Carbon Co-op member Richard Darlington reports back on the Community Energy Conference which took place in Oxford on 3 September 2016.
It was a combined conference set up by Co-operative Energy and Community Energy England with the title "Powering Forward – rebooting the UK's community energy sector" The now defunct FIT scheme and Enterprise Investment Scheme means there is a need for radical new models. I picked up leaflets from the stalls which I will pass over. There were 320 delegates in addition to those staffing the stalls.
The Conference looked at options
Session One:- Ramsay Dunning of Co-operative Energy.
There is a low carbon commitment with no coal usage. Already Community energy are now 1% of national energy customers. Later we were told that opinion polls tell us that 70% of public support community energy and only 8% are against wind. Even conservative supporters are 75% in favour.
So we need to get public opinion known to help lobby government and local authorities to facilitate community energy including wind.
There is plenty of innovation but regulations are outdated and provide stumbling blocks.
Emma Bridge of Community Energy England.
Founded in 2014 and provides a voice for Community Energy. Has 200 members 80% of who are energy providers.
2015 was a bad year with solar energy loosing 12,000 jobs including changes brought in by this government hence the need for this conference and unsure about Greg Clark.
Community Energy now needs the community to take control – reminiscent of BREXIT?
But Community Energy is not just about energy production but community cohesion so let's raise its profile. (I have a note "Nick Herbert Gov't minister is supportive)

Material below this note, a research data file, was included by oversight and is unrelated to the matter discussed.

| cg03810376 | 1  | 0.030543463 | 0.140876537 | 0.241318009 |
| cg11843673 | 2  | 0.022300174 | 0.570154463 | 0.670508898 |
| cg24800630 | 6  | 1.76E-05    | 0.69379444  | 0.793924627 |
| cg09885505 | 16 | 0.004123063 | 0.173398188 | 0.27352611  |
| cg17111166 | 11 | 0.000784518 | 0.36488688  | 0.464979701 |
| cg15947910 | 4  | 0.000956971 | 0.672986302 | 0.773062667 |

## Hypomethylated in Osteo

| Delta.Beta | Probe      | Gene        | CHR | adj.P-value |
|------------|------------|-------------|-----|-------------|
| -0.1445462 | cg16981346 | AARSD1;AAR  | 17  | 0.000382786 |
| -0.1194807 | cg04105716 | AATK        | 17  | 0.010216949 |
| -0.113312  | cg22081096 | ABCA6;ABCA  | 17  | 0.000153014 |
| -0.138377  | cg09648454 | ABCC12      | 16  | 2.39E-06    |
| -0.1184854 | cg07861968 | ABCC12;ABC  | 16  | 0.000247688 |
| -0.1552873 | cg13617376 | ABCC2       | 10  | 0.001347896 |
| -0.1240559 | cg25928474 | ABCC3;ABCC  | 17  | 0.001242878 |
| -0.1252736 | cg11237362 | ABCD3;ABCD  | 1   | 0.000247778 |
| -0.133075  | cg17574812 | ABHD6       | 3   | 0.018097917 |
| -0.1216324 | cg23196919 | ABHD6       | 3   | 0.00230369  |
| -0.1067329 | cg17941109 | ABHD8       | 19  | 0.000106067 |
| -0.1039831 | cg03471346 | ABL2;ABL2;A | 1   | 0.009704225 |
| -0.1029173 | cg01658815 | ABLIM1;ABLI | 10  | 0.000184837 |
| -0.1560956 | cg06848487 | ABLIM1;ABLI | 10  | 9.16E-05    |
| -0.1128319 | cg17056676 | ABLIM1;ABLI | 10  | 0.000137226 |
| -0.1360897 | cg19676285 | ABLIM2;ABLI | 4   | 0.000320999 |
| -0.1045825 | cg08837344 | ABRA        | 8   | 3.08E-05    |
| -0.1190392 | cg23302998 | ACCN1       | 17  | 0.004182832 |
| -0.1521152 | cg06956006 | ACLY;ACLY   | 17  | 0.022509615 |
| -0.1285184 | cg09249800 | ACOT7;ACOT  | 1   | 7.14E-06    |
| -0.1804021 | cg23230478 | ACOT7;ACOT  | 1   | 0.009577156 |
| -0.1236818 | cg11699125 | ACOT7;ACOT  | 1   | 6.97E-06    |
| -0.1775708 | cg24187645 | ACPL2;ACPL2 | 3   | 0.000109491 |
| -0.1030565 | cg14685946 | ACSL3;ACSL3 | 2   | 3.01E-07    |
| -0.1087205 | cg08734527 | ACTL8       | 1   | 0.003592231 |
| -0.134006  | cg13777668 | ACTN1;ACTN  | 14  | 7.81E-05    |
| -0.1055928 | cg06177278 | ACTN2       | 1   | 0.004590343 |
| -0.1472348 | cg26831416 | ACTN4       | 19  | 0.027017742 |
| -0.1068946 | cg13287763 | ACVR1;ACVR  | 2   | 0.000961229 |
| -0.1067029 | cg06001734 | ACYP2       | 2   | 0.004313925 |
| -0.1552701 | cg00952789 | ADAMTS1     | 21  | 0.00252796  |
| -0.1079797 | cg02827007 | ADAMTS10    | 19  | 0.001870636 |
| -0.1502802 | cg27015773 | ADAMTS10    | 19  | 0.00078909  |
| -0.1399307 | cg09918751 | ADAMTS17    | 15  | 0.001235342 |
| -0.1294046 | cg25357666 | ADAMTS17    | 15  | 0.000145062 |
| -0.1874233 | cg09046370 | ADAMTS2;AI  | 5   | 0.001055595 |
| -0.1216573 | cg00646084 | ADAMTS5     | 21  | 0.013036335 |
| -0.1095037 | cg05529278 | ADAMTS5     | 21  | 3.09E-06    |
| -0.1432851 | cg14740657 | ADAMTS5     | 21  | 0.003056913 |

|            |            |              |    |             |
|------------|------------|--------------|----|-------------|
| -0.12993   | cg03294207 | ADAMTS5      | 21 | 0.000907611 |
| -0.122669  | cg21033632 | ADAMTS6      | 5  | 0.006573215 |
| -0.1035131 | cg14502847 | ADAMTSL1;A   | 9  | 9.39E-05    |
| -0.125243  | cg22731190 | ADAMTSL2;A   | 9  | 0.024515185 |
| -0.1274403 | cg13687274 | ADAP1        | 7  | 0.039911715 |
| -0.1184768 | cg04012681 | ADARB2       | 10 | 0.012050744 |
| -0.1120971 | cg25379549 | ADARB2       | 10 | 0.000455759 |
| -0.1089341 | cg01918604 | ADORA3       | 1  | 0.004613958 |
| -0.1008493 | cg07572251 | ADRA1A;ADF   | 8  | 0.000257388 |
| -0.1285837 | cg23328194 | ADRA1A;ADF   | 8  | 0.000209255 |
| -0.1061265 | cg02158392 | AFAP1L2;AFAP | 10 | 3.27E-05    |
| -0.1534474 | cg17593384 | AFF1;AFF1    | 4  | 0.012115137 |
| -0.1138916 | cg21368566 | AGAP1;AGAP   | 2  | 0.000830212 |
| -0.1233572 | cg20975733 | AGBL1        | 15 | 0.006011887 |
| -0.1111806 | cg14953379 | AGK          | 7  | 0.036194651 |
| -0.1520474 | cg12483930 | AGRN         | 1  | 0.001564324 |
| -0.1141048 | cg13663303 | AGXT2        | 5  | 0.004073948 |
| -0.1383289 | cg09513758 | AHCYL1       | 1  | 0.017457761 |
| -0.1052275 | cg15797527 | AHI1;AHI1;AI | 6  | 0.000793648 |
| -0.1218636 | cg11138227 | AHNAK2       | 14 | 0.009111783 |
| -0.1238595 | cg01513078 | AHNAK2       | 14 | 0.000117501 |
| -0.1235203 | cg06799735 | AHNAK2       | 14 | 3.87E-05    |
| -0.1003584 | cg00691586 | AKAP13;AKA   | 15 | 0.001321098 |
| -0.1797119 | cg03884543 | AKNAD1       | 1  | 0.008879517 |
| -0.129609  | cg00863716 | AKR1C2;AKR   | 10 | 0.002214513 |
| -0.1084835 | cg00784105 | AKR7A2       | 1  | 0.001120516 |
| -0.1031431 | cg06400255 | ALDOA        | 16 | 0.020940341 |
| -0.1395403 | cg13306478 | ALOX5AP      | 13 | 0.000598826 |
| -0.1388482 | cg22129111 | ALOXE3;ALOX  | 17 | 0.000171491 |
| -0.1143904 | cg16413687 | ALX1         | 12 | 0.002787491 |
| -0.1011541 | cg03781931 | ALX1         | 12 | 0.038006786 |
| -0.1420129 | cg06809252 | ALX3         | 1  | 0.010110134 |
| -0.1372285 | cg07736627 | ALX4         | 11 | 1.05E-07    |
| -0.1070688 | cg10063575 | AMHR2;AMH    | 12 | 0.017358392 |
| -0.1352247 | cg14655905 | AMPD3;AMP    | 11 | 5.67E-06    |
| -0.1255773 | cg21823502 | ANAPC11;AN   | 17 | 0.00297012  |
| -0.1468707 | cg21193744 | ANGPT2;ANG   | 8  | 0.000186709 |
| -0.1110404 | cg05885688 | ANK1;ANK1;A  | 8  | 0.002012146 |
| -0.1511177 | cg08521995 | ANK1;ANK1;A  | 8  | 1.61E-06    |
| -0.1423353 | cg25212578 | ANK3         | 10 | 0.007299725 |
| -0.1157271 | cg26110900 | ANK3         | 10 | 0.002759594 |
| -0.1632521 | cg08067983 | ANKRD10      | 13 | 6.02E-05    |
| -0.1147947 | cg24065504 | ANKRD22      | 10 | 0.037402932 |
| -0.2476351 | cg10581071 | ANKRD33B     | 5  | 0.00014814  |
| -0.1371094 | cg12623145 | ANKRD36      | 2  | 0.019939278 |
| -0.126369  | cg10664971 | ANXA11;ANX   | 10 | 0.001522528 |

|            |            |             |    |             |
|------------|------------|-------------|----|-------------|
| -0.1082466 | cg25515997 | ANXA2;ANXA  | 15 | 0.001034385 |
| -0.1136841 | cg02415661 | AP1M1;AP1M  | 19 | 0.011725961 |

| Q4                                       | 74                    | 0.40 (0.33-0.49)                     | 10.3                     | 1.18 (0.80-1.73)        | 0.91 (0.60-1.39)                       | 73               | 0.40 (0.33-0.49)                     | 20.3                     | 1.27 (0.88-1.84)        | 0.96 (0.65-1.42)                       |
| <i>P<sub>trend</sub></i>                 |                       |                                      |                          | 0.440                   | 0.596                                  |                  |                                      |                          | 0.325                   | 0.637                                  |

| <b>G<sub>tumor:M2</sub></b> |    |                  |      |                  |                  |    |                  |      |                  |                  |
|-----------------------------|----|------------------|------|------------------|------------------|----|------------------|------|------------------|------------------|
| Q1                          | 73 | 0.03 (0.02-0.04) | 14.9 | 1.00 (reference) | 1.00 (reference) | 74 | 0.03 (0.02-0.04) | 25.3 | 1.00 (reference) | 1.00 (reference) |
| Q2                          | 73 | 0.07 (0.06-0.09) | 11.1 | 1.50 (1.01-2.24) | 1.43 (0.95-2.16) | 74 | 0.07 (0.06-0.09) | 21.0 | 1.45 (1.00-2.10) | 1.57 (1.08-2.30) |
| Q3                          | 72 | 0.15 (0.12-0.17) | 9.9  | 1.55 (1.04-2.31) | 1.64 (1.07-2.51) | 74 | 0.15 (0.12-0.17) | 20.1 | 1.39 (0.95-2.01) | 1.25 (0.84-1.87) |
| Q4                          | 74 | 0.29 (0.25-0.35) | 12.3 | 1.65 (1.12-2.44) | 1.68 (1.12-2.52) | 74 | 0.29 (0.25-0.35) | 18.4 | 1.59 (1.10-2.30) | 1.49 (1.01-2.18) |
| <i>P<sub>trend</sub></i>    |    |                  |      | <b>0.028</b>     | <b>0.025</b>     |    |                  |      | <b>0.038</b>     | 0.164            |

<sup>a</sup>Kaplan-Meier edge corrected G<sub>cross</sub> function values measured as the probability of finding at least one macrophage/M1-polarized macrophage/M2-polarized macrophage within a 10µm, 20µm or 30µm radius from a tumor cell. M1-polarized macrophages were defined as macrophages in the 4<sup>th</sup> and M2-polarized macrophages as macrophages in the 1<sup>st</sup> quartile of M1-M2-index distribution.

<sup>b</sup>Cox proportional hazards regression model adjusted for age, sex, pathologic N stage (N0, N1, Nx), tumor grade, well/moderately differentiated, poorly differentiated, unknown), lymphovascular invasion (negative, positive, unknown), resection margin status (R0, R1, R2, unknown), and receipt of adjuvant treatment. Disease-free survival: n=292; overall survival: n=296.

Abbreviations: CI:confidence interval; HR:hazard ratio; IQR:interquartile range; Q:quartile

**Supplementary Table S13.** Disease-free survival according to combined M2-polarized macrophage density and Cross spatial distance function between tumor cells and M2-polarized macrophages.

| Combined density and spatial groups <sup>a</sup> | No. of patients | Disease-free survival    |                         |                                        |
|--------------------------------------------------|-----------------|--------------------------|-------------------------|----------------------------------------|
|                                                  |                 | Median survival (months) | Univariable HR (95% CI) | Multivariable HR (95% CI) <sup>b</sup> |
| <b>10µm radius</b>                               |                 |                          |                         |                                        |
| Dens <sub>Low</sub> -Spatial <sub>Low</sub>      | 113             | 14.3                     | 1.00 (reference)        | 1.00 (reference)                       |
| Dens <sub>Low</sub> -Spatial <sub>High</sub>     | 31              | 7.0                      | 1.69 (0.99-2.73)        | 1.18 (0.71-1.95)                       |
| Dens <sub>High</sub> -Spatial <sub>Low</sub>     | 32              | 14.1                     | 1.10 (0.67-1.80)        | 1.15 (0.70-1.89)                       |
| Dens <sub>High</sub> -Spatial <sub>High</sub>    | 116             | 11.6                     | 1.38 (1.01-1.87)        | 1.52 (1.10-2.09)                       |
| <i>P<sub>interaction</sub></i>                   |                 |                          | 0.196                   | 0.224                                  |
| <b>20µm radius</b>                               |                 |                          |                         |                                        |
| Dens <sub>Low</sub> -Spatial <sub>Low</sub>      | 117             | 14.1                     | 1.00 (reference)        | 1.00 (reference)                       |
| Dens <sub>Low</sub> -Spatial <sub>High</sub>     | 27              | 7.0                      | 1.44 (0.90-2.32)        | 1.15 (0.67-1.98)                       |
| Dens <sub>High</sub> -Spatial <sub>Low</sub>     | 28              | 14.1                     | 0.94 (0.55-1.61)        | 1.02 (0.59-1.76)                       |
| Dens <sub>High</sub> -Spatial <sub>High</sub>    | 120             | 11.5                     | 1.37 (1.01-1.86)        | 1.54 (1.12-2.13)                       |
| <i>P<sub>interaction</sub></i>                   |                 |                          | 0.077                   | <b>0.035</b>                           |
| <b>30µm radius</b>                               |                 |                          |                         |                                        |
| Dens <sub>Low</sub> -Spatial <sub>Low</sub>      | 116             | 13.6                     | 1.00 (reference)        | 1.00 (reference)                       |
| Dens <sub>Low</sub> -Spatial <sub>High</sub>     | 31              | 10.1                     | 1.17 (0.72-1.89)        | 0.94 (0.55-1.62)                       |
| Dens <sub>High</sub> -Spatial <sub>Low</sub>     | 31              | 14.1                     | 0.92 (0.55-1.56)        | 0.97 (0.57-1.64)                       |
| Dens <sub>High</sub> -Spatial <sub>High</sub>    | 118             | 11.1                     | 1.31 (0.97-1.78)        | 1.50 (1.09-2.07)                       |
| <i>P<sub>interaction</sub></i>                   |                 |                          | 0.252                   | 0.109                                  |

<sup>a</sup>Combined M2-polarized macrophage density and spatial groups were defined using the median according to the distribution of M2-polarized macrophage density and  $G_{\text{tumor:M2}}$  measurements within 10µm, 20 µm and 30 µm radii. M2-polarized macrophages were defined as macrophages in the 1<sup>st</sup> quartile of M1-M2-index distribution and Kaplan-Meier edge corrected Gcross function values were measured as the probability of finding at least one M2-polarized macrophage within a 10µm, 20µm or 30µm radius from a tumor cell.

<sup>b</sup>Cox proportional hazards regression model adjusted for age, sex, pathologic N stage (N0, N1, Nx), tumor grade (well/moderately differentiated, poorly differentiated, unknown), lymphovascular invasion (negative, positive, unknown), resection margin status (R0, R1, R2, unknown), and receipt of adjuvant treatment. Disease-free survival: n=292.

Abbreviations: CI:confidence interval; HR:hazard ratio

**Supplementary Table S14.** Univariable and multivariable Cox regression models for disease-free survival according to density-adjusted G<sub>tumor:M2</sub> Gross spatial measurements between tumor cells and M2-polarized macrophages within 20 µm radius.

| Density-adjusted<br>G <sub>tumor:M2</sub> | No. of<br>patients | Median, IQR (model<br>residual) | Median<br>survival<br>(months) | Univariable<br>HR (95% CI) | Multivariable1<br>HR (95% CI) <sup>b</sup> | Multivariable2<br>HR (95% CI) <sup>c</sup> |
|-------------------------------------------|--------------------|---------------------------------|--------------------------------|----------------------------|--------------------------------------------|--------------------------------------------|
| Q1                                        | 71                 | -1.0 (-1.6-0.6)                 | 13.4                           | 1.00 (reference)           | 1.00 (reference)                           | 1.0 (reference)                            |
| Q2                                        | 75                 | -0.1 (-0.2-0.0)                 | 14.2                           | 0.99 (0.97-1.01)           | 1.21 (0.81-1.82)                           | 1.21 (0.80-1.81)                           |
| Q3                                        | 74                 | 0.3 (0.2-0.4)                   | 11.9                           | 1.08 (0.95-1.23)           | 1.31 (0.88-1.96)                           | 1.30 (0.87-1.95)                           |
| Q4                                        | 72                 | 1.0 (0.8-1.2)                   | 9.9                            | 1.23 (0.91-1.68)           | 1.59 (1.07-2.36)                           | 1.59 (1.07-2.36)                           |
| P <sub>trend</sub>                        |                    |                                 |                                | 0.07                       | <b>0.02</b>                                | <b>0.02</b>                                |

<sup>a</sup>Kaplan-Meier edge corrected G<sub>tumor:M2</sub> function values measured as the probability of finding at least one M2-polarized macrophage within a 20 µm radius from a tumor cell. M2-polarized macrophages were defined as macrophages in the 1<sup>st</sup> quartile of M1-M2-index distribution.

CEE is engaged w. Government looking a what resources might be available. CEE will be setting out its Manifesto soon. 8 – 16 Oct is their Action Week when they will be presenting a petition to Ofgem.
Joe Warren of Powervault.
This was for me one of the most exciting contributions. The development of power storage. He saw the need for this as the missing link in the energy jigsaw. The grid needs it to be more efficient and we in houses and local buildings need it. He showed a picture of a power vault storage unit which looked to be the size of a suit case. Combine these with smar t meters and we could have a step change in energy usage.
Openenergi can deal with sudden response needs. But there are challenges in linking finances with storage.
Mary Gillie of Energy Local
"Making energy work for you"
There is a need to get official l recognition of the place of small local energy generation and conservation. She mentioned forming a club of users and generators so the customer benefits directly. Example Bethesda, a National Trust hydro project with 100 people benefitting. Ynni Ogwen.
She said we are at the foundation level of a new era.
Question. How can we deal with an anti MP? Get the electorate vocal.
Workshop. I chose "Working w. Local Authorities"